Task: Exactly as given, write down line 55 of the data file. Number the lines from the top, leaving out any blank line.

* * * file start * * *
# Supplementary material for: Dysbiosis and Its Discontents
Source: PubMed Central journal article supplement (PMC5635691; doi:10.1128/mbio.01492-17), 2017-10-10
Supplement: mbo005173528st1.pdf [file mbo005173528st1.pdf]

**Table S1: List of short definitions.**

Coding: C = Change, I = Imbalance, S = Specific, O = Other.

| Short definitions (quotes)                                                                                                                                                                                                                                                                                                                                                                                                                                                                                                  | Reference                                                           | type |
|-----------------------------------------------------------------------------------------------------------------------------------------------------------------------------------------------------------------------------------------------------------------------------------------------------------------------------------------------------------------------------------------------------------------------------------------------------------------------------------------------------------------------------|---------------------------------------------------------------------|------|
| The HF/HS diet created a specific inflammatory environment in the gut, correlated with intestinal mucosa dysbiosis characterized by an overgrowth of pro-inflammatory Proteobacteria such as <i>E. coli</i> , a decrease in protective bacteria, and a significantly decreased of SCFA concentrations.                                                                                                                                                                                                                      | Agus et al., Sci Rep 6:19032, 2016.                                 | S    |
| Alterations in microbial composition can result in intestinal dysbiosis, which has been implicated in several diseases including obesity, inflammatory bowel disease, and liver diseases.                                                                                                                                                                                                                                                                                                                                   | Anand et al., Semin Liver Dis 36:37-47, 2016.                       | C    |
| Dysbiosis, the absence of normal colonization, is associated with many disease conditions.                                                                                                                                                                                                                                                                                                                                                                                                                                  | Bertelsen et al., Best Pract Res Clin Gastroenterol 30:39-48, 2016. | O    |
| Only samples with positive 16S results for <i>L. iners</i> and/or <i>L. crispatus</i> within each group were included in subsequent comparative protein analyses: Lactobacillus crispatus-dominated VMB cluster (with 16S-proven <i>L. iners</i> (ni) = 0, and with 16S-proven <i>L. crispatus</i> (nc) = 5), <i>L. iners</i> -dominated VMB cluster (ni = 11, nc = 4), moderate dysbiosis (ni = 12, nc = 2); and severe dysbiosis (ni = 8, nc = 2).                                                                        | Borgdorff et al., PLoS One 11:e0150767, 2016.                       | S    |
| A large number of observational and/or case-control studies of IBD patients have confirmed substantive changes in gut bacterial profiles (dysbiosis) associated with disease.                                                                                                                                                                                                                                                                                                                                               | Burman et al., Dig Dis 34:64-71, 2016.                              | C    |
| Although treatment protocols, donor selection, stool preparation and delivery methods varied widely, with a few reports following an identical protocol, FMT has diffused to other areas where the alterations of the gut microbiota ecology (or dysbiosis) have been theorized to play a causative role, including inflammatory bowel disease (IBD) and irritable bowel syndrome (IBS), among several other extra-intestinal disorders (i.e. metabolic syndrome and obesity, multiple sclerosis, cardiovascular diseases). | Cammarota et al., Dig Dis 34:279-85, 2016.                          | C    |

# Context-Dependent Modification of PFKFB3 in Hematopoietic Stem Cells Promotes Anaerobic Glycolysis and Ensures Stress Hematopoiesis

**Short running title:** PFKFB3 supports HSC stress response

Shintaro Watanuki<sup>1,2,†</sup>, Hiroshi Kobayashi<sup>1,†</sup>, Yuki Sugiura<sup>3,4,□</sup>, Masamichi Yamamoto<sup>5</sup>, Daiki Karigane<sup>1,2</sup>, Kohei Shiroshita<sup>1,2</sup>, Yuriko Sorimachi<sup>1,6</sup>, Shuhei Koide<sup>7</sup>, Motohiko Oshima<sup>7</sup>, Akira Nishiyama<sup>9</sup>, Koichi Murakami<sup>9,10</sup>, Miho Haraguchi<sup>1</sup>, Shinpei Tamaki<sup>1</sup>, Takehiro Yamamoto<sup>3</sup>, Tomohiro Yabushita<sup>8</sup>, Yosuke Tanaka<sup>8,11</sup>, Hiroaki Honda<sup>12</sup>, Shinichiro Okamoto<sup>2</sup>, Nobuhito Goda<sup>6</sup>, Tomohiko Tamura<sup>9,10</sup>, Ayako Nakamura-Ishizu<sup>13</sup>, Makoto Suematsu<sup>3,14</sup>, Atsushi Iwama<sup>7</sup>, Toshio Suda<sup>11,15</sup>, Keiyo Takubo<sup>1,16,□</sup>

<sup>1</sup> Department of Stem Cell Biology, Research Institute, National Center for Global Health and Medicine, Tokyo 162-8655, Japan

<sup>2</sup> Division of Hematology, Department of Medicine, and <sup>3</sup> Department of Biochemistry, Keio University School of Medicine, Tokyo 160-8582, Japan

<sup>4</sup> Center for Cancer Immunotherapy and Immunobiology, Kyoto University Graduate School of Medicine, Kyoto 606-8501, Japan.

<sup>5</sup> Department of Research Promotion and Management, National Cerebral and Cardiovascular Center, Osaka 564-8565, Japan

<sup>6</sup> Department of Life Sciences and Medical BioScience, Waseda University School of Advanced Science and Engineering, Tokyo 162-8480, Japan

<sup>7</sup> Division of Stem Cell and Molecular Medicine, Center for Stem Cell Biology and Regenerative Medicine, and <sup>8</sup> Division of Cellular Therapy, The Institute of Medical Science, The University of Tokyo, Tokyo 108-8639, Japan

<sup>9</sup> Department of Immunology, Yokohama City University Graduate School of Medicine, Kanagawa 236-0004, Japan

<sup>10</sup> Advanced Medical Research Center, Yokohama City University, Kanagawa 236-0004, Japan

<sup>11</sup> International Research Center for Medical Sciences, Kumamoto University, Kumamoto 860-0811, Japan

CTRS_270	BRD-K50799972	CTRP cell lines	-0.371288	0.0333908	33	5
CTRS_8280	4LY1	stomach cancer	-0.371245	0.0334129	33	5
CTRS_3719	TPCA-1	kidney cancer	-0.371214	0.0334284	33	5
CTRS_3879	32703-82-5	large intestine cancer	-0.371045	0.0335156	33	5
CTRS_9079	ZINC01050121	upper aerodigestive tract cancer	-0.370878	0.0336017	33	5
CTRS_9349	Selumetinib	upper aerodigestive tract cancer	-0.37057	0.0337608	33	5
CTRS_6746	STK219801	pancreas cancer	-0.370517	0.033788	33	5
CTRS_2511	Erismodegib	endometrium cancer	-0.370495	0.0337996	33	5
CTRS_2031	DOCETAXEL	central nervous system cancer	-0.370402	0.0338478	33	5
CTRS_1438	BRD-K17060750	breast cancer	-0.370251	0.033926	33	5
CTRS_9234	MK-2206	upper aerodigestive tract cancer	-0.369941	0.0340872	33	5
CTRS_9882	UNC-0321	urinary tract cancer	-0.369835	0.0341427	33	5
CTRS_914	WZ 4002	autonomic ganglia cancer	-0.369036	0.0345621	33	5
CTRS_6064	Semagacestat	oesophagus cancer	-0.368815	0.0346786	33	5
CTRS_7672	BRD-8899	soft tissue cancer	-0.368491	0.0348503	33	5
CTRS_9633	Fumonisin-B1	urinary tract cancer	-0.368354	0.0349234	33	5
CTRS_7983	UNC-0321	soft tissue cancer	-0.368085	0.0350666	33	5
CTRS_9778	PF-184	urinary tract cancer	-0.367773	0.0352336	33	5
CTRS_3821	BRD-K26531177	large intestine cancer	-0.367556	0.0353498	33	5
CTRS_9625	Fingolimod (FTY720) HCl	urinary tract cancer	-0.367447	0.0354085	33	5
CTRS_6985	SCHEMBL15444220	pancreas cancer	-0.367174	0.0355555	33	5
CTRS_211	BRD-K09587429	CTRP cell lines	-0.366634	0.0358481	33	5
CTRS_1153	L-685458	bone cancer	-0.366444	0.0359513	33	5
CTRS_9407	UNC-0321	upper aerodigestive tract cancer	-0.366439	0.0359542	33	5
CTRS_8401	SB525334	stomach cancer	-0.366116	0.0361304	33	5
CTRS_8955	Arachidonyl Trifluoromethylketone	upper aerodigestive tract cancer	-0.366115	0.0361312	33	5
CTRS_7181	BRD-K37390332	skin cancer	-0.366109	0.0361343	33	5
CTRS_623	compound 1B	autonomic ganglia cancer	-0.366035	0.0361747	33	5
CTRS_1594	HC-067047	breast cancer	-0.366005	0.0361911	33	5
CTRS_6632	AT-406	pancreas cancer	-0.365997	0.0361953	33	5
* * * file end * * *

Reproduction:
CTRS_6632	AT-406	pancreas cancer	-0.365997	0.0361953	33	5